Armistice 100. Medics pushed boundaries to help injured

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From the brutal power of heavy artillery to the horrendous effects of poison gas, the march of technology and science made the First World War a conflict the like of which had never been seen before.

But the dramatic escalation of the brutality of warfare – and the often nightmarish injuries that came with it – drew a heroic response from the medical profession and led to advances in care that are still benefiting injured and sick people today.

One of thousands of photographs showing the care provided at a veteran's hospital. PA picture.

One of thousands of photographs showing the care provided at a veteran's hospital. PA picture.

The heavy artillery fire obliterated bone and flesh. If soldiers were lucky enough to survive their initial injuries, the looming threat of the dirt of the trenches would be their next enemy.

The arduous journey from the trenches back to the shores of Blighty were fraught with the perils of staving off the threat of infection.

When medics were faced with the brutality of soldiers’ injuries, they pushed new boundaries, bringing about advances in treatments. Surgeon Harold Gillies developed a new method of facial reconstructive surgery in 1917.

Blood transfusions, amputations, control of infection, the creation of artificial limbs and pioneering surgery ensured that many more men were likely to survive their injuries.

But it wasn’t just the physical scars that left their mark on the hundreds of thousands of men who answered the call to serve their country. The mental scars were just as severe.

Men may have survived the hail fire of shrapnel but were likely to succumb to the impact of a neuropsychiatric syndrome known by various names, but most commonly as “shell shock”.

First described by a British physician, Charles Myers, it would often leave men barely able to walk, unable to talk and suffer from uncontrollable trembling.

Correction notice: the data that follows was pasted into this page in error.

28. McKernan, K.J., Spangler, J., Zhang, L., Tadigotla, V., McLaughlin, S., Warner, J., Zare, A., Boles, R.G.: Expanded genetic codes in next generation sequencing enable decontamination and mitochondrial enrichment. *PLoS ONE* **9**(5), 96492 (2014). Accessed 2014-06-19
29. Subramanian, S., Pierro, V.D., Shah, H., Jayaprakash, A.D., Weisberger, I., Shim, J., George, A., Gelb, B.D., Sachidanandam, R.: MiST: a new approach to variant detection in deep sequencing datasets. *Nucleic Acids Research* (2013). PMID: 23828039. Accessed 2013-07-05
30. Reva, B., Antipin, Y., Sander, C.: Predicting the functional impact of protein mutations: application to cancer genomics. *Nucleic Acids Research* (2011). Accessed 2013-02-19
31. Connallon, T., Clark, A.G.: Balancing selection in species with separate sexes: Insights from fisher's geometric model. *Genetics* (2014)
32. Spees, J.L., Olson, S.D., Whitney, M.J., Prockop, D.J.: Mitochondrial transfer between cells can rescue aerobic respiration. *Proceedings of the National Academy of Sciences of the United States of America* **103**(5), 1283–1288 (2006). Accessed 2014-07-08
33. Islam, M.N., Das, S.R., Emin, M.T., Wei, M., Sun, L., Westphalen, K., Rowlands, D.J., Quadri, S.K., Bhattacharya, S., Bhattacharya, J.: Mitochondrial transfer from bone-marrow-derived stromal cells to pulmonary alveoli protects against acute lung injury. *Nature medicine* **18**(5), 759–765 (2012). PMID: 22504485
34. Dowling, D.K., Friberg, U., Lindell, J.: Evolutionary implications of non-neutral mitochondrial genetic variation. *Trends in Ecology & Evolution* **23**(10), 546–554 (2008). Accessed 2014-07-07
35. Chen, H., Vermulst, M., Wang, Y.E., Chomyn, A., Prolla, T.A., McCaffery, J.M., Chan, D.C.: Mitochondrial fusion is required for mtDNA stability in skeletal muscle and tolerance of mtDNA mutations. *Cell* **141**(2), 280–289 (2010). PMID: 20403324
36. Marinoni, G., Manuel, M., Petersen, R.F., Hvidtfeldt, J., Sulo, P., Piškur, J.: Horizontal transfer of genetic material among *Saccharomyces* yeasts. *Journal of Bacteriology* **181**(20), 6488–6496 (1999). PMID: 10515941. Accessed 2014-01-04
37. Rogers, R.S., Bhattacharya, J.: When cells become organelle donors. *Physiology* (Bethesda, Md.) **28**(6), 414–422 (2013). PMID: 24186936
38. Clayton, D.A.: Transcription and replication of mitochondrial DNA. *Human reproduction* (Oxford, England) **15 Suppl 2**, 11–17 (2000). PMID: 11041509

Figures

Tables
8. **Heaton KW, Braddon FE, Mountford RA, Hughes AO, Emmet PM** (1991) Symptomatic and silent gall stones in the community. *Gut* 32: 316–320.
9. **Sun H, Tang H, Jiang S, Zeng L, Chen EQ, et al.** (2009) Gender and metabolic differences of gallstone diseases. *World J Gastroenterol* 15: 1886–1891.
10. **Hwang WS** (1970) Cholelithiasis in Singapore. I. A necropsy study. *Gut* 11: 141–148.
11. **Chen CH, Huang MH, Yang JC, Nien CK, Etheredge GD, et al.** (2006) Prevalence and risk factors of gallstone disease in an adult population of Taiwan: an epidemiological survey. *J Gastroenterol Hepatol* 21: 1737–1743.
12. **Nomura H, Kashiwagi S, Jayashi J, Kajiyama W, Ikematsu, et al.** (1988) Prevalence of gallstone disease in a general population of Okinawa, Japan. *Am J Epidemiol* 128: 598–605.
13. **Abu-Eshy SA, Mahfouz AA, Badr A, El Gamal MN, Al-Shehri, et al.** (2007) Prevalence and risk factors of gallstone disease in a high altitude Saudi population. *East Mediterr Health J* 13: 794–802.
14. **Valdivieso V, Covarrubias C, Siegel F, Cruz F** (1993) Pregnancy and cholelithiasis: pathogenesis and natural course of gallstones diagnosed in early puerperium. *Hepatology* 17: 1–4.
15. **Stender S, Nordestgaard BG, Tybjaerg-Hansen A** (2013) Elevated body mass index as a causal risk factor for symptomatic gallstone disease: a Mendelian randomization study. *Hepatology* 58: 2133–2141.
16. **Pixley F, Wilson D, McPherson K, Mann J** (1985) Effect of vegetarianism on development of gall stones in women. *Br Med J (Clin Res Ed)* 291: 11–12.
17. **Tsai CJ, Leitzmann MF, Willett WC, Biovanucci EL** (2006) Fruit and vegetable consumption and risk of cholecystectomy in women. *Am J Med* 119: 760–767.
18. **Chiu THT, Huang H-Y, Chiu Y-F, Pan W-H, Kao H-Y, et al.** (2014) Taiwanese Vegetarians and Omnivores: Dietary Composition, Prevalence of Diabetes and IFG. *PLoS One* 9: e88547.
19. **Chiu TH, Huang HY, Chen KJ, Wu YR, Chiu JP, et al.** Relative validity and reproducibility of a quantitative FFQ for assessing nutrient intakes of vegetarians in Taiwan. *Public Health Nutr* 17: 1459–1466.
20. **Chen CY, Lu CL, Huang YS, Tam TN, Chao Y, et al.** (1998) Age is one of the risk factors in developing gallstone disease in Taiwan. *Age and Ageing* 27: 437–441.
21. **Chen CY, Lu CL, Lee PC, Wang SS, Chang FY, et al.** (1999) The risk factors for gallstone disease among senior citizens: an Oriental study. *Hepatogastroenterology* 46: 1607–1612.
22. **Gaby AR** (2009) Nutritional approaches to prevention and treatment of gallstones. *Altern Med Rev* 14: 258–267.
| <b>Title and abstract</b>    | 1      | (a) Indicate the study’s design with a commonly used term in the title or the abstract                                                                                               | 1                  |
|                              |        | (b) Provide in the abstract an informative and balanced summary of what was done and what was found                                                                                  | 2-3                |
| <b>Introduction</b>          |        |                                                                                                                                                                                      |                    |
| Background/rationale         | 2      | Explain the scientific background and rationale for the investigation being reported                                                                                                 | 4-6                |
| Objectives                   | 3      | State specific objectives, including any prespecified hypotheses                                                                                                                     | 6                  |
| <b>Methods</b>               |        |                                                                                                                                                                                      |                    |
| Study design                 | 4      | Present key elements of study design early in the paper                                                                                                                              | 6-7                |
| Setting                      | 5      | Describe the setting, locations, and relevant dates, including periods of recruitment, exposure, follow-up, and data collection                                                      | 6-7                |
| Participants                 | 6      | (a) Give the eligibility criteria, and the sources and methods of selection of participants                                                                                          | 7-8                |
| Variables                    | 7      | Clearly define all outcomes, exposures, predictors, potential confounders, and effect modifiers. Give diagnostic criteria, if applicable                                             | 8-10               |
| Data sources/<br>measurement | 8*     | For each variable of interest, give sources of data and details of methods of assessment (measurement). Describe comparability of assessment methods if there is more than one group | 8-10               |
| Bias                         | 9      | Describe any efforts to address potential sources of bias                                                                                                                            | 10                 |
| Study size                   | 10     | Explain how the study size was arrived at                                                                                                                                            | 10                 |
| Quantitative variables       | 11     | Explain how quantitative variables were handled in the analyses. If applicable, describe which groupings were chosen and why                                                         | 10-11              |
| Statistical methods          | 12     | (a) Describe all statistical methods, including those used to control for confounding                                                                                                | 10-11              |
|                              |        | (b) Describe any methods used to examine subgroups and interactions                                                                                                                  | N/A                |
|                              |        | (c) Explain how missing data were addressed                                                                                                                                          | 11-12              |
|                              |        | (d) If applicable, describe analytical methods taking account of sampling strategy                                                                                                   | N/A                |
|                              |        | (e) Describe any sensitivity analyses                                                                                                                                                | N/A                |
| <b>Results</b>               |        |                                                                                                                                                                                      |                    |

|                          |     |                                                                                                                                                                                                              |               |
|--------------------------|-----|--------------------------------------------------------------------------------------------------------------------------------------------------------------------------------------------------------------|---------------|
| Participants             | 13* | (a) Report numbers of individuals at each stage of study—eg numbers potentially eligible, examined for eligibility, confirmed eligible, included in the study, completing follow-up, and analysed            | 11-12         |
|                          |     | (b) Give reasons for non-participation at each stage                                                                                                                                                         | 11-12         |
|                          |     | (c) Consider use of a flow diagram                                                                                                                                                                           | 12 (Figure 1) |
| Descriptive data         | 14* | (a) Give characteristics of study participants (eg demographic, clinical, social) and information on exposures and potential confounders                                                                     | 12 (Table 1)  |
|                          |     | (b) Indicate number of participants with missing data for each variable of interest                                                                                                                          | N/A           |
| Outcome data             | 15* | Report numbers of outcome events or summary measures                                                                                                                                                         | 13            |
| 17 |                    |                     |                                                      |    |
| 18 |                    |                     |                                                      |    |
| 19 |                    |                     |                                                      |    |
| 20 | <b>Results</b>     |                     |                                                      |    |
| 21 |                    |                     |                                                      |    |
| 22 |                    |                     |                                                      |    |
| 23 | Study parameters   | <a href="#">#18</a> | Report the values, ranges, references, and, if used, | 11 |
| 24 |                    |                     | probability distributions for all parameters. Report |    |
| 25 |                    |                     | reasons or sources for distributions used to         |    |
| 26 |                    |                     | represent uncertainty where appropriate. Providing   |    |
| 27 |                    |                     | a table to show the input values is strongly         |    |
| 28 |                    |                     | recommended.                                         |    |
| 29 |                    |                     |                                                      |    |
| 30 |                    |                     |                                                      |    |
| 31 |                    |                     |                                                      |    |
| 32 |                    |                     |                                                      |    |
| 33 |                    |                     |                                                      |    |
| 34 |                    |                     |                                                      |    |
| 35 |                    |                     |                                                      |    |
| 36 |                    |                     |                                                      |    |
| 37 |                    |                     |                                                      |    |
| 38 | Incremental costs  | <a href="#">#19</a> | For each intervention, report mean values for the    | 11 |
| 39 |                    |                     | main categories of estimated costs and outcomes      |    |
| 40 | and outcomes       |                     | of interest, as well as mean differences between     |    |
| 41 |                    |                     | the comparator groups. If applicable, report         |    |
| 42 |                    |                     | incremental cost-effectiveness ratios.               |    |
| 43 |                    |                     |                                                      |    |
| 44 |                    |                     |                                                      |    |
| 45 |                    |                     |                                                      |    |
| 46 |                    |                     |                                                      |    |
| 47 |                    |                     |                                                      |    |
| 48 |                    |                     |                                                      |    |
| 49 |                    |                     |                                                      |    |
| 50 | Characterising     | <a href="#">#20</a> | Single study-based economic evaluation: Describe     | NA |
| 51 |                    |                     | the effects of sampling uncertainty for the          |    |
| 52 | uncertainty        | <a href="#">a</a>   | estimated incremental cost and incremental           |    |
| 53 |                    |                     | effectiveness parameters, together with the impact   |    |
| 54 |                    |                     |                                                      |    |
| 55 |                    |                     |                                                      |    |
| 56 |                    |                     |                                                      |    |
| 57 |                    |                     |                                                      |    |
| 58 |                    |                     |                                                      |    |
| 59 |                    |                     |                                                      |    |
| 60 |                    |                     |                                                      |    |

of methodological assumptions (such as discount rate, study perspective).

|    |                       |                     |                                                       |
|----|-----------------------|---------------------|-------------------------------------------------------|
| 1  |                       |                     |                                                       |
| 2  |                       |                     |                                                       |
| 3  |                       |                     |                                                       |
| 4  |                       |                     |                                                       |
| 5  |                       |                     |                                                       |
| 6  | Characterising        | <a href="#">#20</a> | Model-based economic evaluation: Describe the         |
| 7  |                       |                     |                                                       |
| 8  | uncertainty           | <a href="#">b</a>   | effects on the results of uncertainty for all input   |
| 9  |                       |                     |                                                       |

The road back to recovery for many of those men would be lengthy as they were taken away from the misery of the Western Front.

Estates across the country were transformed into makeshift convalescent homes to ensure that the injured soldiers were able to recuperate from their
injuries.

In Leeds, Beckett Park Hospital became known as a specialist centre for facial surgery, reconstructing soldiers’ faces disfigured by shrapnel and bullet wounds.

The teacher training college, which was built in 1913, was turned into a military hospital called the 2nd Northern General Hospital.

At its peak the hospital had 3,200 beds and by the time the war finished more than 57,000 patients had been admitted with just 226 reported deaths.

Among those to visit the wounded troops were King George V who paid tribute to the bravery of those who placed themselves in the firing line in the trenches.

Historic homes such as Temple Newsam, also in Leeds, were also transformed into convalescent hospitals to help support soldiers as part of their recovery.

This type of hospital was used in the last stage of the recovery process for wounded soldiers.

Volunteer nurses showed remarkable dedication and compassion to those they cared for in the makeshift wards.

Medicine was forced to develop quickly during the war and it is through those advances that British medical professionals have continued to remain at the forefront of technology.